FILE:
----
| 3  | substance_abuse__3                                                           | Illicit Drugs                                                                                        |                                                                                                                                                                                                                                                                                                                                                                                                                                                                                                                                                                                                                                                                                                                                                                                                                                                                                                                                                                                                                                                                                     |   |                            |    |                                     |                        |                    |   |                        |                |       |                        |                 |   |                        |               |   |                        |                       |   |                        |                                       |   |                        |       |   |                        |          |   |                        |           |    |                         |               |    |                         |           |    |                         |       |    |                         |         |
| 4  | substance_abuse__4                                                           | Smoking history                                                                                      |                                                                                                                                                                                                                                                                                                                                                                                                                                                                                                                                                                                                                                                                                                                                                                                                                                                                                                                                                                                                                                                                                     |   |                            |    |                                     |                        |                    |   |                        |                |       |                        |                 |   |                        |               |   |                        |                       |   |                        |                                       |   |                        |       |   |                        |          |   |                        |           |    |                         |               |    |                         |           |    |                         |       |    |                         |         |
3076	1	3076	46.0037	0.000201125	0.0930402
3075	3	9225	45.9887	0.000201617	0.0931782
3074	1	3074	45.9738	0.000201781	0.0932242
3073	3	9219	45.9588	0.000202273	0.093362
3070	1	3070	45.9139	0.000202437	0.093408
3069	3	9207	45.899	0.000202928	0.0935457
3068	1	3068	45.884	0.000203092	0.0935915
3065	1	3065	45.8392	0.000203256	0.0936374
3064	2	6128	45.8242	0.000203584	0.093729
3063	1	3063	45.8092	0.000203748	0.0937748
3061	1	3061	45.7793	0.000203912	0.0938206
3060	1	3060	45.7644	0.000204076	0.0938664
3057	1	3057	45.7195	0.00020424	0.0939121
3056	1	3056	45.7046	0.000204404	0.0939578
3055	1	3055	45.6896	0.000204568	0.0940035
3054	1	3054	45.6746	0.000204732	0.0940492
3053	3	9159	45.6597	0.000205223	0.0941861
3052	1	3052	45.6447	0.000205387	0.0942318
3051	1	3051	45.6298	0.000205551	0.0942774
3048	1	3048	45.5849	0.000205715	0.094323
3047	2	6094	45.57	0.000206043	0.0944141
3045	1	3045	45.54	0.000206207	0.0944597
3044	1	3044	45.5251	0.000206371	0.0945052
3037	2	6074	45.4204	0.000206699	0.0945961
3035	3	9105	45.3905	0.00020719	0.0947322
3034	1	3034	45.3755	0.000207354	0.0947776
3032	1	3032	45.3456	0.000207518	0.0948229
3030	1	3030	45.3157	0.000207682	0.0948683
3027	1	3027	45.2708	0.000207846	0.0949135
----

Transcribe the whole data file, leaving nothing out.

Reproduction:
| 3  | substance_abuse__3                                                           | Illicit Drugs                                                                                        |                                                                                                                                                                                                                                                                                                                                                                                                                                                                                                                                                                                                                                                                                                                                                                                                                                                                                                                                                                                                                                                                                     |   |                            |    |                                     |                        |                    |   |                        |                |       |                        |                 |   |                        |               |   |                        |                       |   |                        |                                       |   |                        |       |   |                        |          |   |                        |           |    |                         |               |    |                         |           |    |                         |       |    |                         |         |
| 4  | substance_abuse__4                                                           | Smoking history                                                                                      |                                                                                                                                                                                                                                                                                                                                                                                                                                                                                                                                                                                                                                                                                                                                                                                                                                                                                                                                                                                                                                                                                     |   |                            |    |                                     |                        |                    |   |                        |                |       |                        |                 |   |                        |               |   |                        |                       |   |                        |                                       |   |                        |       |   |                        |          |   |                        |           |    |                         |               |    |                         |           |    |                         |       |    |                         |         |
3076	1	3076	46.0037	0.000201125	0.0930402
3075	3	9225	45.9887	0.000201617	0.0931782
3074	1	3074	45.9738	0.000201781	0.0932242
3073	3	9219	45.9588	0.000202273	0.093362
3070	1	3070	45.9139	0.000202437	0.093408
3069	3	9207	45.899	0.000202928	0.0935457
3068	1	3068	45.884	0.000203092	0.0935915
3065	1	3065	45.8392	0.000203256	0.0936374
3064	2	6128	45.8242	0.000203584	0.093729
3063	1	3063	45.8092	0.000203748	0.0937748
3061	1	3061	45.7793	0.000203912	0.0938206
3060	1	3060	45.7644	0.000204076	0.0938664
3057	1	3057	45.7195	0.00020424	0.0939121
3056	1	3056	45.7046	0.000204404	0.0939578
3055	1	3055	45.6896	0.000204568	0.0940035
3054	1	3054	45.6746	0.000204732	0.0940492
3053	3	9159	45.6597	0.000205223	0.0941861
3052	1	3052	45.6447	0.000205387	0.0942318
3051	1	3051	45.6298	0.000205551	0.0942774
3048	1	3048	45.5849	0.000205715	0.094323
3047	2	6094	45.57	0.000206043	0.0944141
3045	1	3045	45.54	0.000206207	0.0944597
3044	1	3044	45.5251	0.000206371	0.0945052
3037	2	6074	45.4204	0.000206699	0.0945961
3035	3	9105	45.3905	0.00020719	0.0947322
3034	1	3034	45.3755	0.000207354	0.0947776
3032	1	3032	45.3456	0.000207518	0.0948229
3030	1	3030	45.3157	0.000207682	0.0948683
3027	1	3027	45.2708	0.000207846	0.0949135